Many website owners worry about, and some even agonize over, how often they should implement an update or a complete re-design of their website. This is completely understandable, since a website is generally the primary vehicle for communication with customers and potential customers, and is a major support for any business. While there are no hard and fast rules that need to be observed about how long a website should remain intact, there are definitely some triggers which should guide your thinking on the subject.
Is your website mobile-friendly?
Difficulty in reading your site on a smart phone these days can send the wrong signal to your customers. More than 70% of marketing managers polled in a Salesforce survey declared that mobile marketing was a central strategy for their business, and it gave them the best return-on-investment for their market spend. In a non-business context, another survey revealed that more than half of all respondents grabbed their smartphones immediately after waking up, as their very first act of the day.
There are undoubtedly a whole catalog of other statistics which would point up the overwhelming dominance of the smartphone in our society, but these two alone should make it crystal clear that all businesses must use responsive design or make their website mobile friendly to this vast audience of customers-in-waiting. If your website has not been optimized for responsiveness to this segment of Internet users, it’s something that should be addressed at the very earliest opportunity.
Can I just update parts of my site in lieu of a complete redesign?
In some cases, yes, updating the look and feel of a website can satisfy a business need, rather than a complete rebuild. Here are some situations which could be adequately handled by updating:
- New branding – If your company has undergone a shift in branding, you would absolutely want that reflected in your website, although the functionality and most of the content need not be revamped.
- Website Statistics– Another scenario for updating might stem from information gathered by statistics
you obtain from sources such as Google Analytics, e.g. specific web pages trigger high bounce rates, certain content is ignored consistently, more information is needed from contact forms, etc.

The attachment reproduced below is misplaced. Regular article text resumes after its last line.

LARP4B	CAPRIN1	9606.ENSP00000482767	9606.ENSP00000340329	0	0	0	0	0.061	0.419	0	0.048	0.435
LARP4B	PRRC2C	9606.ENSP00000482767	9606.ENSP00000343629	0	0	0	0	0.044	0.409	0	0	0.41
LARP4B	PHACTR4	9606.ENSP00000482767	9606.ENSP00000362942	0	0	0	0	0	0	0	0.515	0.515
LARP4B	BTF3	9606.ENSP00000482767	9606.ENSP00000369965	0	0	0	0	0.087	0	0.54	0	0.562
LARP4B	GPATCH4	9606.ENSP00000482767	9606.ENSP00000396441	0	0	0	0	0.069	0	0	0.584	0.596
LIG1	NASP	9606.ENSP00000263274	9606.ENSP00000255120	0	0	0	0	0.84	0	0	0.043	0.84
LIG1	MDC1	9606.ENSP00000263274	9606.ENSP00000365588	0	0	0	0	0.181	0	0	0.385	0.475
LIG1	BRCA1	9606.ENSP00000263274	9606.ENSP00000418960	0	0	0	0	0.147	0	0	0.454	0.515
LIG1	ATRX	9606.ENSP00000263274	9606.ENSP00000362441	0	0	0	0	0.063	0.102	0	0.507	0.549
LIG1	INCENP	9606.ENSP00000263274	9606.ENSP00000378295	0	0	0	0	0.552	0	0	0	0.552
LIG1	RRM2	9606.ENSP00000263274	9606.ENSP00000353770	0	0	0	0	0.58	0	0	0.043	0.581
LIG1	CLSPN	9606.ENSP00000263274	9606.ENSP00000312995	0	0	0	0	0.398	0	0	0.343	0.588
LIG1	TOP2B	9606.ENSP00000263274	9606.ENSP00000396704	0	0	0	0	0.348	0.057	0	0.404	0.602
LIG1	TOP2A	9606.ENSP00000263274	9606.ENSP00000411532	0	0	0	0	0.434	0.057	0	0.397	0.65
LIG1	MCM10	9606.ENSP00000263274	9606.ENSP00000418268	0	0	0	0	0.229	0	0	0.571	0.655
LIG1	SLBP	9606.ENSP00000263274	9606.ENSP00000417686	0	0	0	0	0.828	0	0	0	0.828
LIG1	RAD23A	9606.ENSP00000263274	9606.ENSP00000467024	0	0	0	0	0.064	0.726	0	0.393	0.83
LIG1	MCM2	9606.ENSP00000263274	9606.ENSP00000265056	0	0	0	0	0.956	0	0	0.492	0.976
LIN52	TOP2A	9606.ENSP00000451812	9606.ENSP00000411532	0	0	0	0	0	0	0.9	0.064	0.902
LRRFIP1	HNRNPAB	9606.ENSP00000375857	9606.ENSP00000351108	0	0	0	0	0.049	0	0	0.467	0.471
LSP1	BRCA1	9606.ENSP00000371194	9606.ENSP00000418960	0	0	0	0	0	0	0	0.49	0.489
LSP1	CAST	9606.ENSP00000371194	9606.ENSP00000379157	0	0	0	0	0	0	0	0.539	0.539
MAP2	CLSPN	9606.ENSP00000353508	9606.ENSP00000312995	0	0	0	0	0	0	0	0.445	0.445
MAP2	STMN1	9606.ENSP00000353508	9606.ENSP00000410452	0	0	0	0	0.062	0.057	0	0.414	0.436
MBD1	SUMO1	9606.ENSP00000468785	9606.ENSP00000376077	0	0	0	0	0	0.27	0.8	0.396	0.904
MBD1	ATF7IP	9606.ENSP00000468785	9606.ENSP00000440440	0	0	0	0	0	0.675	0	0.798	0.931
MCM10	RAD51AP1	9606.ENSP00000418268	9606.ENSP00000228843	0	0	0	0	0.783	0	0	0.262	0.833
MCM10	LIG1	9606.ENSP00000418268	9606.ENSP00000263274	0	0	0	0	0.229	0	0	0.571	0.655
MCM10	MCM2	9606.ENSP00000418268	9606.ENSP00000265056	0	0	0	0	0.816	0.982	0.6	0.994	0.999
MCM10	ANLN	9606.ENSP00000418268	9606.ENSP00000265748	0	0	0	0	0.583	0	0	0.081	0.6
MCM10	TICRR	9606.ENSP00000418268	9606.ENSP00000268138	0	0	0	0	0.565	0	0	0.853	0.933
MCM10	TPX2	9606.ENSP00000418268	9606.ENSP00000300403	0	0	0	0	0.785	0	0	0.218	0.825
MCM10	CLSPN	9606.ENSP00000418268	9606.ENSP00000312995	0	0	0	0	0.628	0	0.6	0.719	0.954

- Rapid growth – It’s very possible that your business has undergone rapid growth, so that new products and services need to be displayed.
It’s important to note that when you start hearing complaints from customers that your site has an outdated look, that navigation is not smooth or is broken, or that it doesn’t display well in a browser, this should be corrected quickly, because all those complaining users will just go to your competitor’s website instead.
When is a complete rebuild necessary?
The content on your website is critical in the effort to attract visitors, and inform them about your company, products, and services. It’s also vital to getting good rankings on Google. Relevant content is what makes your company stand out from all your business rivals. That means it needs to be kept current and fresh, so as to appeal to your potential customers – but you can’t make frequent updates to your content if it means a consultant needs to be called in each time, or a programmer has to write new code. If your website does not have a Content Management System (CMS) that’s simple enough for anyone in your company to use, that fact alone is reason enough for a rebuild.
If your site was originally designed using Flash, that’s another trigger for a major rebuild, since Flash is not supported by iPads or iPhones. Even on other platforms, Flash can slow down response time on your website, and as everyone knows, website visitors are not inclined to be overly patient. If your site doesn’t load and display pages fast enough, someone else’s will.
If your business has undergone a fundamental change, or if the purpose of your website has become significantly different, that’s another reason you should start from scratch with a complete re-design of the site. Obviously if a major component of the site has become outdated, or if it has somehow been rendered non-operational, a rebuild should be in the cards for that as well.
The bottom line on updating/rebuilding
There’s one source that will really help you decide. A calendar.
While website content should be updated constantly via your CMS to stay current, the look and feel aspect normally needs addressing every 2-3 years. In that short span of time, technology will have changed, and even something as simple as monitor resolution could make a difference in how your site appears to your visitors.
There are specific reasons why you might need to update, just as there are definite reasons for doing a total rebuild, as noted above, but in any case your site shouldn’t remain stagnant for anything like five years at a time. Periodic change is a sure indication to customers that your business is alive and well, and an active member of the Internet community.